As the national debate over health care rages, we’re asking Schweitzer Fellows and Fellows for Life — who are working directly with the populations whose needs are unmet under our current health care system — to weigh in.
In our first installment, we hear from 2007-2008 Boston Schweitzer Fellow Zirui Song (pictured above with former U.S. Surgeon General David Satcher at ASF’s May 9 symposium and concert). As a Fellow, Zirui collaborated with the Brookside Community Health Center in Jamaica Plain to develop a youth sports program as part of a comprehensive approach to encourage pediatric patients to adopt a healthier and more physically fit lifestyle. Now a Year IV MD/PhD student in Health Policy at Harvard Medical School, Song shares his thoughts on health care reform below:
Much of the debate over national health care reform has focused on President Obama’s “public option”—a government-run health insurance plan that would compete with the private insurance industry. The politics of this debate has dominated media coverage on health care.
Supporters of the President cite the importance of a public option in achieving universal coverage. By offering an affordable insurance option accessible to all Americans, it would serve as the practical centerpiece of any proposed individual or employer mandate. Competition with private insurers would keep the price of health insurance low across the market, enabling people to purchase health insurance with the aid of subsidies based on household income.
On the floor of the Senate, Majority Leader Harry Reid compared the public option to the U.S. Postal Service, which provides cheap, basic services while competing with private companies such as FedEx or UPS. In a 6/20/09 New York Times/CBS poll, 70% of Americans favored a public option.
Opponents say that a public option would mean longer waits at the doctor’s office, rationed care, and the government standing between you and your doctor. In Senate Health Committee hearings, Republicans also pointed to the plan’s projected costs, which the Congressional Budget Office estimates to be as high as $1.6 trillion over ten years.
In his speech to the American Medical Association last week, President Obama outlined where this money would come from, including savings generated by more preventive care and the use of electronic health records. But opponents have pressed on, arguing that such ambitious spending is unrealistic in this economy.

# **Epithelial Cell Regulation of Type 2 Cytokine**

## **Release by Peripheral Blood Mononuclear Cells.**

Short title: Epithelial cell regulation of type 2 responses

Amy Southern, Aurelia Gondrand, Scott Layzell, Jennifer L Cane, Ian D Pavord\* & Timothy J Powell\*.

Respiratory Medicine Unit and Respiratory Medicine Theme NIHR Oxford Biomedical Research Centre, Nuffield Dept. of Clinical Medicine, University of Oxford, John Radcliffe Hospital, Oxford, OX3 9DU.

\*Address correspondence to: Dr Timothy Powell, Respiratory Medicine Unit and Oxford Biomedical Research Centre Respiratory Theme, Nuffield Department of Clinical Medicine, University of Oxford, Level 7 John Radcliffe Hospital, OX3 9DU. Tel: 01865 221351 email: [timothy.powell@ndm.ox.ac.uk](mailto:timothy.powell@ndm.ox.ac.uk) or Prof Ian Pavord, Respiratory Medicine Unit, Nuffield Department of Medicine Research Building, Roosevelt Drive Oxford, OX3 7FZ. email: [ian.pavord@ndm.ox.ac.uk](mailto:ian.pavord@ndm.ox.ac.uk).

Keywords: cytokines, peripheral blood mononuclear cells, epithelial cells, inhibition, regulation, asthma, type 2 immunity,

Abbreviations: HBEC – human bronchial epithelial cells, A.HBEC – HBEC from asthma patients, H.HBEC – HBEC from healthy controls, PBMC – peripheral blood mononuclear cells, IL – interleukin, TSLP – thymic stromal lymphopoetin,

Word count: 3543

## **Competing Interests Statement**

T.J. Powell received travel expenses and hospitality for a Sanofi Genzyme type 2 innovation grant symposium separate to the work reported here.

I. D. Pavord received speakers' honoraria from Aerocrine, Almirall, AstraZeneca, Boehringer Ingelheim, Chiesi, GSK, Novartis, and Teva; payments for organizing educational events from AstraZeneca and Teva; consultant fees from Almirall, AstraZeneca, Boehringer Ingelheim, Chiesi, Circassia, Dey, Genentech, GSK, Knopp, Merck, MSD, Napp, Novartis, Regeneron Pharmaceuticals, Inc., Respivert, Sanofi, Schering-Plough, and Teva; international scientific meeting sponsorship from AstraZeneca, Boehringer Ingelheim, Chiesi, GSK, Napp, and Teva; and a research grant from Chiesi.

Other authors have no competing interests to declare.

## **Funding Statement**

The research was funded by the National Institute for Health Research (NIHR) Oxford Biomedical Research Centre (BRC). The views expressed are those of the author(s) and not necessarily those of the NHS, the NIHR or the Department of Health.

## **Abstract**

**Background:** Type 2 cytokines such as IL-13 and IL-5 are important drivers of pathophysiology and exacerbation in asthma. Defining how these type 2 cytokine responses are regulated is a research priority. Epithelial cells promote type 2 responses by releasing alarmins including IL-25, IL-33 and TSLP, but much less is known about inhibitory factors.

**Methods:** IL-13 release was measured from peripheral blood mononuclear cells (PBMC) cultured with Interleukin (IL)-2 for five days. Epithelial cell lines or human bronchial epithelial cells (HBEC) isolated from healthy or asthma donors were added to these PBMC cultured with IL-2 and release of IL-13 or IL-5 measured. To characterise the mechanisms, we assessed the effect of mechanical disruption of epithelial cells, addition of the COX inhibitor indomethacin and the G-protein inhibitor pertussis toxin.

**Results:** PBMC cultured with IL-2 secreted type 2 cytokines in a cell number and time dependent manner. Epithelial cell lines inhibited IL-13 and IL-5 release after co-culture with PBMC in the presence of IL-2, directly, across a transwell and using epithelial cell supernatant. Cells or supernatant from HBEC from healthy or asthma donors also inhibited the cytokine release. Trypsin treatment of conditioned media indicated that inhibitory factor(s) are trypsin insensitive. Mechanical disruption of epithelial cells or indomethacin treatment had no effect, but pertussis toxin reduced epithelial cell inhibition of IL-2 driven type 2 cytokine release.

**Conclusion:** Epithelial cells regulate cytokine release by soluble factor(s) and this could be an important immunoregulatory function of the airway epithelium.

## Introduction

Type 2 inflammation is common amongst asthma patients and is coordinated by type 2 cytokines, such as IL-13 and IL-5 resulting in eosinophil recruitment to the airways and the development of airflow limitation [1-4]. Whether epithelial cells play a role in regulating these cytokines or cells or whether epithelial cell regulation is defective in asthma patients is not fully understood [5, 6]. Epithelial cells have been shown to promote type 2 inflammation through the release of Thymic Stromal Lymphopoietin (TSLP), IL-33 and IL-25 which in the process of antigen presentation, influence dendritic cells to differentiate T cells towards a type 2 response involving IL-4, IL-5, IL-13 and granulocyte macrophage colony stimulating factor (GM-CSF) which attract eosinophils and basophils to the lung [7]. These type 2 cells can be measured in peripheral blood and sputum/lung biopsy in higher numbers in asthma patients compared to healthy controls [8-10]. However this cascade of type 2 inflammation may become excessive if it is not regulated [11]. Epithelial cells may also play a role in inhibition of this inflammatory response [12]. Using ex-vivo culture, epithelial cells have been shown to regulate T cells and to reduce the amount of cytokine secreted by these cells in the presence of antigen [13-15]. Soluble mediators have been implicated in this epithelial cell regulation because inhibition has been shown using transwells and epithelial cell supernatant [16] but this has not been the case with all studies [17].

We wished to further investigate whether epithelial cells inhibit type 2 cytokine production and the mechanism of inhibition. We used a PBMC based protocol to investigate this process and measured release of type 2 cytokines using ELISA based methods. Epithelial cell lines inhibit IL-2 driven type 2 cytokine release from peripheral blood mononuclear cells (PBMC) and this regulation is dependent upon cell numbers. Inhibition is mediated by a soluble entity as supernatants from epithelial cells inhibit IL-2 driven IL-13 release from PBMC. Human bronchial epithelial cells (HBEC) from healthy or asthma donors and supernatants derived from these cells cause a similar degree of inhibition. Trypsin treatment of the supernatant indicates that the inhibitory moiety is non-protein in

As the political battle unfolds, it is often easy to forget that at its core, health care reform was born not of disagreement, but rather a set of four principles that most people agree on. They are, roughly, as follows:
- First, we are a nation which should not tolerate 47 million people living without health insurance — so providing coverage to the uninsured is necessary.
- Second, the explosion in health care spending, now 17% of GDP, is not sustainable for families, businesses, or state and federal governments — so slowing this growth is necessary.
- Third, the quality of health care delivered to Americans is often suboptimal — so improving the quality of care is necessary.
- And fourth, disparities in care across geography, race, education, income, and other socioeconomic determinants of health continue to plague our health care system with unequal outcomes for otherwise equal people — so eliminating disparities is necessary as well.
Over the past 20 years, hundreds of studies have documented the extent of health care disparities. African Americans, for example, consistently receive fewer appropriate treatments and experience greater mortality risk across leading causes of death, including cardiovascular disease, cancer, and diabetes compared to white Americans. But only within the past decade has research confronted the more difficult task of determining effective interventions.
I believe the single most important issue that meaningful reform must address is how to design policies that increase the quality of care across different groups while decreasing cost. In principle, providing coverage to the uninsured is conceptually straightforward—we need money. In contrast, affecting the quality, cost, and equality dimensions is much more difficult, for many reasons. Chief among them is that these dimensions rest on people’s behavior, and behavior is difficult to change.
Physician behavior, for example, depends on patient preferences, payment systems, and clinical evidence, but it also depends on more amorphous and intangible things like practice style, the culture of physician groups, and practicing defensive medicine. The behavior of patients, too, is difficult to define, much less change with policy. The interplay of hope, fear, and trust within the doctor-patient relationship all help to determine the quality and quantity of care received, not to mention daily behaviors such as smoking, exercise, and nutrition.
Check back tomorrow for part two of Zirui’s thoughts on health care reform — and let us know if you agree with him by leaving a comment.